For some, becoming a full professor in sociology, or any field, can take at least half a career and possibly longer. Meredith Worthen remembers learning that in graduate school.
But Worthen isn't some people.
"I remember learning about this in graduate school and thinking, 'I don't want to be a long-term associate professor,'" she said.
That determination paid off. Worthen, 36, is currently the youngest faculty member at the University of Oklahoma to achieve the title of full professor after the board of regents approved her promotion in May. It's also entirely possible she is the youngest woman to reach full professor in OU history, though digital records only go back to 1983.
Worthen's research focus covers deviance, feminist criminology, sexualities, LGBTQ identities in adolescents and LGBTQ stigma.
The transition from associate professor to full professor takes, on average, nine years. Worthen did it in five.
"The idea is you have some sort of national recognition as a scholar in your area," Worthen said.
What makes this an even bigger deal is that, statistically, becoming a full professor is even more difficult for women than it is for men in academia. Unlike the path to tenure that is, for the most part, established at six or seven years, the process to become a full professor is much more vague and has no time limit.
"We just seem to hang out in associate for a long time," Worthen said. "Sometimes for our entire career."
Interestingly enough for Worthen, that phenomenon fits right into her sociology research. So naturally, she looked into the statistics on women becoming full professors.
"We're aware of this gender inequity. The sheer amount of full professors is only about 30 percent women," Worthen said. "This timeline is years longer for women than it is for men. We have women retiring as associates at much higher rates than men, who eventually make it through."
It's the kind of thing that brought Worthen into this job in the first place. She recalls an instance in elementary school when she learned that women statistically earn less money than male coworkers. Worthen remembers the shock and telling her mother about what she had discovered.
"Fortunately, my mom's a super cool feminist," Worthen said. "I think that was really a fiery moment."
It wasn't until the Dallas-native attended the University of Texas that she was introduced to sociology. The field laid out a path for her to lend a voice to the effort to add equality to life.
"These are the tools I can use to push for a dialogue about righting wrongs, lift up oppressed and disenfranchised individuals, creating a space where we're exposing these inequities," Worthen said. "And that intro to sociology class was the language I had been searching for to locate all of that in my 19-year-old mind."
Marc Musick, who is still a professor of sociology at UT, encouraged her to go to grad school. She obtained a bachelor's degree in three years and her master's degree and Ph.D. in five years.
In 2009, the year she obtained her Ph.D., Worthen came to work at OU's Department of Sociology. Becoming a tenured professor from that point normally takes about six or seven years.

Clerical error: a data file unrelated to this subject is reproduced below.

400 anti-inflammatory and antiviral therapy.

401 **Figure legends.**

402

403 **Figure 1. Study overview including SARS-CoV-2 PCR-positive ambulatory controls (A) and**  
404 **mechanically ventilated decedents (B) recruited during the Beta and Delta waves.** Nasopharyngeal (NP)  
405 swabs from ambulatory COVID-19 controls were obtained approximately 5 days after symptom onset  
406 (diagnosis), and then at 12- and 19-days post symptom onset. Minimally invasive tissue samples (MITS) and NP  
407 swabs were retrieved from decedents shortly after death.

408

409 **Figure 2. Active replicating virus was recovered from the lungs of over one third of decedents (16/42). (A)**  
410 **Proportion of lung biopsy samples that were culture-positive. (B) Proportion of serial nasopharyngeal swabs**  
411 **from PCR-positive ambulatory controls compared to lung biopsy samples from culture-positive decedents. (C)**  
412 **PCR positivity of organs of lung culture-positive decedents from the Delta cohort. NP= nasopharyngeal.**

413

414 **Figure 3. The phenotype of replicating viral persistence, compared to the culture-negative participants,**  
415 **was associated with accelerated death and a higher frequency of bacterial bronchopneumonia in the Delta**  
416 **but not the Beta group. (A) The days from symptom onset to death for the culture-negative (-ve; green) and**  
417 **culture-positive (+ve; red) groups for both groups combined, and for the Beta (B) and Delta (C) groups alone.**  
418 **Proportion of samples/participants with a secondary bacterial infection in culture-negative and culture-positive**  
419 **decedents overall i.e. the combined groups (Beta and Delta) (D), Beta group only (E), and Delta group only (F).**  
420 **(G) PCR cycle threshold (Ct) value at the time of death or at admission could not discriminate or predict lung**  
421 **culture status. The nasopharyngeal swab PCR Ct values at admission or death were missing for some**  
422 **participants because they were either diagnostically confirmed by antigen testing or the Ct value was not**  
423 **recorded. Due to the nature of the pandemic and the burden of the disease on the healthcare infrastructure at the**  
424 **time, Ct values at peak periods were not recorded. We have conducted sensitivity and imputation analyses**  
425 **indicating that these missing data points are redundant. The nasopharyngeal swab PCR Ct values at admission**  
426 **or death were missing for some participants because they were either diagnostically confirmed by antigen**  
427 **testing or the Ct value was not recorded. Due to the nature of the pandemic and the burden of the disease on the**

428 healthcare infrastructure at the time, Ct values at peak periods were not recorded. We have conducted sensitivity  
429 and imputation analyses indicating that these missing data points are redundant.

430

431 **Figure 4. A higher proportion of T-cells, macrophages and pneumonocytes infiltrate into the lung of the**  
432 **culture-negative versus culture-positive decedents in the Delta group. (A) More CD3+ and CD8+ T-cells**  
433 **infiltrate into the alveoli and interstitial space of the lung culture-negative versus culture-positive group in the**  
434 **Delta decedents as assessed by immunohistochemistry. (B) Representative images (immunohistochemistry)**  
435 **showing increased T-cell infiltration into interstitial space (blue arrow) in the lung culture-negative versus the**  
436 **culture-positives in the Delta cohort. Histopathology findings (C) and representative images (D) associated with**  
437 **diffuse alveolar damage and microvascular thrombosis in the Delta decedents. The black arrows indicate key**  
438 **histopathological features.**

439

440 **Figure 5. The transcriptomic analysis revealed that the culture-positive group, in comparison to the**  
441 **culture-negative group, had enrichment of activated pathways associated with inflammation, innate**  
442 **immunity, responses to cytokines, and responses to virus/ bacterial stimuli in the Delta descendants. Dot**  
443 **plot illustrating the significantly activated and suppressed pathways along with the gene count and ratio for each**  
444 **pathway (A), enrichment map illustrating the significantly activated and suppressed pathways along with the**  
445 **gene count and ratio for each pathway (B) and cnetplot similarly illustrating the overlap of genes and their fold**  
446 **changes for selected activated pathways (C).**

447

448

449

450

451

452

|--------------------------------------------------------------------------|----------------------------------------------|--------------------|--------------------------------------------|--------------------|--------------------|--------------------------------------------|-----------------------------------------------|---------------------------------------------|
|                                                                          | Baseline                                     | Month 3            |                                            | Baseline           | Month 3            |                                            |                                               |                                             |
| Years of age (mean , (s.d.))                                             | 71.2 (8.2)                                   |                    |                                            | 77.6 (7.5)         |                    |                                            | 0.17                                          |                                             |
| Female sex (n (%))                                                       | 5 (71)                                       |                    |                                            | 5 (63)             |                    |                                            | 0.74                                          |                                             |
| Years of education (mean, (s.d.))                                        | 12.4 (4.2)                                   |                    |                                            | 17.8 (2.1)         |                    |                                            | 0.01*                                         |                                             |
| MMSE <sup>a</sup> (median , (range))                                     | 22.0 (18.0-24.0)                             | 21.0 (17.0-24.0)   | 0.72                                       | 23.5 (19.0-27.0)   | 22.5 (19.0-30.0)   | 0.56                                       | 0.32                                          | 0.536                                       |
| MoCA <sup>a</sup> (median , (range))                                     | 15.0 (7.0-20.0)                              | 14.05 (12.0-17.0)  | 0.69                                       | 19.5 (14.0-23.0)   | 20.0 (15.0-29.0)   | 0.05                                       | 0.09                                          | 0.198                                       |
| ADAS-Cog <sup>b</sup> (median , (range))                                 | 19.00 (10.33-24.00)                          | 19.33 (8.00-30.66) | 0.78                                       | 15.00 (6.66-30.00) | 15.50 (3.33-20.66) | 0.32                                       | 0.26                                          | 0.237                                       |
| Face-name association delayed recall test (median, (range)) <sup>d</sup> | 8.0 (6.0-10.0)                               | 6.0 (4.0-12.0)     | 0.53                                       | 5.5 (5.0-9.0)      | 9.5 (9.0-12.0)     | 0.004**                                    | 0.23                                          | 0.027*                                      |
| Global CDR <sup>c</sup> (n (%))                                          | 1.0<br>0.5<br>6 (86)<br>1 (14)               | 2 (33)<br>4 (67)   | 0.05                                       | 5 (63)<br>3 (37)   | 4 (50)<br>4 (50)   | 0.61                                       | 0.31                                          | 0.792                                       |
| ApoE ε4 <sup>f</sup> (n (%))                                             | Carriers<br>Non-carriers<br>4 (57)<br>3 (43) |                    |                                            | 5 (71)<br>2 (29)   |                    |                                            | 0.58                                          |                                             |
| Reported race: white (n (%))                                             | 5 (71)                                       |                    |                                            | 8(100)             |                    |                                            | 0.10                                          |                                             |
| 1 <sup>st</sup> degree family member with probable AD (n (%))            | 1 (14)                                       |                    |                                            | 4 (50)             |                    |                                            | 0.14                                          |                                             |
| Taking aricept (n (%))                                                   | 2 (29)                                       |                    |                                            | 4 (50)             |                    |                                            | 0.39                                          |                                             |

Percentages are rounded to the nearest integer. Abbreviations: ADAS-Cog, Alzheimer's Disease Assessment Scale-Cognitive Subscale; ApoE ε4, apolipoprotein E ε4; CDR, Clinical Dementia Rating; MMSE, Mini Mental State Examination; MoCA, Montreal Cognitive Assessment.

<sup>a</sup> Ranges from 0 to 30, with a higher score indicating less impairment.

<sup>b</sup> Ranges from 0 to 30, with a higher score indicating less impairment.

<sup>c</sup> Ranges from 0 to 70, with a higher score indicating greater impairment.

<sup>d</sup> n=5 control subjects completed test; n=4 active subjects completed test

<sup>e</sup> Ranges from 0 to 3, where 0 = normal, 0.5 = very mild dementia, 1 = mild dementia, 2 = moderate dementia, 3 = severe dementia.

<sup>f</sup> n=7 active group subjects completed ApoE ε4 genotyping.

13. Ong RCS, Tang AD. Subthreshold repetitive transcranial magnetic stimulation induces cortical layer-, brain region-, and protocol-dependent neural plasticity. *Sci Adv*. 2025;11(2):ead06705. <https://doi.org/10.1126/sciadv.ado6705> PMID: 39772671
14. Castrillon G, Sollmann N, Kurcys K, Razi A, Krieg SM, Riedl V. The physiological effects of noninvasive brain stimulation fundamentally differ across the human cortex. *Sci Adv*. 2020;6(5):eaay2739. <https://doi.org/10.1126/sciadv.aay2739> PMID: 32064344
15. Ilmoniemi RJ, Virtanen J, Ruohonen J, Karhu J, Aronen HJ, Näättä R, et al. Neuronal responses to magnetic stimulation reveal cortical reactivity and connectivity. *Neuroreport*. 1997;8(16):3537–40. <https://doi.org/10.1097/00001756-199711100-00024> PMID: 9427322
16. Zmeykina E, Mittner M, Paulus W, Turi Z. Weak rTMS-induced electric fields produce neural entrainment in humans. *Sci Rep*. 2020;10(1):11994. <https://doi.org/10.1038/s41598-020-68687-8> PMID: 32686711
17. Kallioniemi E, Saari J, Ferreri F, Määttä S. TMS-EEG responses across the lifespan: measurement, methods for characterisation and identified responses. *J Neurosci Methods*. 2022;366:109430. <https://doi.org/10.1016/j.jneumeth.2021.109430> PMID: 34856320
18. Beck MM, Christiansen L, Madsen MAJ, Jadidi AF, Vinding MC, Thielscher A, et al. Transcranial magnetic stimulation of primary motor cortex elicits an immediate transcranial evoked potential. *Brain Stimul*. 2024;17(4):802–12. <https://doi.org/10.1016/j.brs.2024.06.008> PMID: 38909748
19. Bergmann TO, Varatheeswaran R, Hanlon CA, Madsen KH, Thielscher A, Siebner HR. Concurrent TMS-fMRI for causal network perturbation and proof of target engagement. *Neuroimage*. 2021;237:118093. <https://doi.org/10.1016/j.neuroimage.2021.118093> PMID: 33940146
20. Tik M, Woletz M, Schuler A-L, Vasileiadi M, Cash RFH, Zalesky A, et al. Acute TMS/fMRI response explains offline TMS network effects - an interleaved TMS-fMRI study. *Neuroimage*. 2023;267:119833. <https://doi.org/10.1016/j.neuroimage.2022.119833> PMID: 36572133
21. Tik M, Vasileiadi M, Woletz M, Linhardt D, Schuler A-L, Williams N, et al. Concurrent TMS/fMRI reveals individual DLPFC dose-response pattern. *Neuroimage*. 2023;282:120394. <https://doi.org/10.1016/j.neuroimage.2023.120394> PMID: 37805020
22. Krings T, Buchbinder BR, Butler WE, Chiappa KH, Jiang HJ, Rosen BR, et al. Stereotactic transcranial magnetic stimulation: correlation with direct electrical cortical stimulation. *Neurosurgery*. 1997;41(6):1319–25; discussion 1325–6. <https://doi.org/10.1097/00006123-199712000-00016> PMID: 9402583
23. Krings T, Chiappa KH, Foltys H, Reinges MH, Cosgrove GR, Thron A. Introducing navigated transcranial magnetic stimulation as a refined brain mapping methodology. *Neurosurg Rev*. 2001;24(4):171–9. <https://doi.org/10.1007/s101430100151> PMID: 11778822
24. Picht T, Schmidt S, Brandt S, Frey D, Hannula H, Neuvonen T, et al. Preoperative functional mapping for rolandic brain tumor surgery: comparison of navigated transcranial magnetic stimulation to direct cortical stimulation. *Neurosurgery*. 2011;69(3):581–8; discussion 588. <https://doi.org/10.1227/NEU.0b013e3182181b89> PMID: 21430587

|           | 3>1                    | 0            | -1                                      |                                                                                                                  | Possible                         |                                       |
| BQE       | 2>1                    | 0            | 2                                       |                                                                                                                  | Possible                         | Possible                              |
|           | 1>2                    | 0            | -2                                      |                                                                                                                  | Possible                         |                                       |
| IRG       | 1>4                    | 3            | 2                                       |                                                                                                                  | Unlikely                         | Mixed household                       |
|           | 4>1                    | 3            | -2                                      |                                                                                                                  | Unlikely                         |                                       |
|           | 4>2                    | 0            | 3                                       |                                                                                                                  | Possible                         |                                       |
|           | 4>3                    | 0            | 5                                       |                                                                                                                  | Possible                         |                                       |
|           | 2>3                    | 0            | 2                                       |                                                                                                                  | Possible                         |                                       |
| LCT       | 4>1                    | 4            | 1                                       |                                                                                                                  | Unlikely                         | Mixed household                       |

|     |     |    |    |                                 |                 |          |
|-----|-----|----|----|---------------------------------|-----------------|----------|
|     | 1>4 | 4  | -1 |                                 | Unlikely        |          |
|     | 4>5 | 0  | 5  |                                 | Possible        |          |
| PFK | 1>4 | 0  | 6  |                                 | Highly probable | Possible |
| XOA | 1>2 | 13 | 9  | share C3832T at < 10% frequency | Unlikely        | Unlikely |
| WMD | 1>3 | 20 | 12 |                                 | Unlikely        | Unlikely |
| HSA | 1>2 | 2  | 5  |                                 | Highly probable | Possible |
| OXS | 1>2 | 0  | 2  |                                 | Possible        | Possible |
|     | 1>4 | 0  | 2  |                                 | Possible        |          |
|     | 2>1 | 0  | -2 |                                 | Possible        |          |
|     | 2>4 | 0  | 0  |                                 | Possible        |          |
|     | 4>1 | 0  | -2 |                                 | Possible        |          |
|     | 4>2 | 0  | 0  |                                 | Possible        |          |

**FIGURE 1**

Again, Worthen was ahead of the curve, doing it in five.
"I've always been ahead of that sort of timeline," Worthen said.
Worthen is one of four women to become full professors in the sociology department -- Loretta Bass, who is also the first woman department chair; Amy Kroska; and Susan Sharp, who is professor emeritus. She is the youngest woman to achieve full professor in the department's 115 year history.
Tom Burns and Rob Clark are also full professors in sociology. She turned to all of them when it came time to work her way out of associate professor status.
"Once I got tenure, and then I came back from maternity leave, I asked what are the things we're looking for," she said. "The rest of the full professors have a conversation about what that means."
The answer: exposure. Worthen began working on writing articles, and the citations of those articles in other works began to rise.
One of her articles has been cited at least 200 times. In addition, Worthen has created the Welcoming Project, which encourages and facilitates acceptance of the LGBTQ community by working with local businesses and organizations to establish designated safe spaces.
She also created the Instagram account Me Too Meredith, which compiles stories from women who have been sexually harassed or assaulted and shares those to encourage other victims to not feel ashamed of their experiences. It grew to have thousands of followers within a matter of weeks.
Community efforts are considered in full professor promotions.
Then, Worthen had to compile her publications and community work into a dossier, which was sent to similar institutions across the country to be critiqued. Those critiques came back to sociology department faculty members, who then voted to approve her promotion. From there, it moved up the chain until it was ultimately finalized by the board of regents. The process took about a year.
For a sociologist who spends almost all of her time worrying about how societal norms impact other people, it's a chance for Worthen to reflect on herself and her own accomplishments.
"It feels fantastic. I'm so proud of myself. And I know that sounds kind of strange, but I really am," she said.
It certainly helped having three other women as full professors in her department. Worthen said women didn't even become tenured faculty at universities until the 1950s, so significant progress has been made.
But Worthen said there's much further to go.
"I think just lifting each other up is a thing. And all of us know about this long-term associate problem, just generally," Worthen said. "It's not just a woman issue."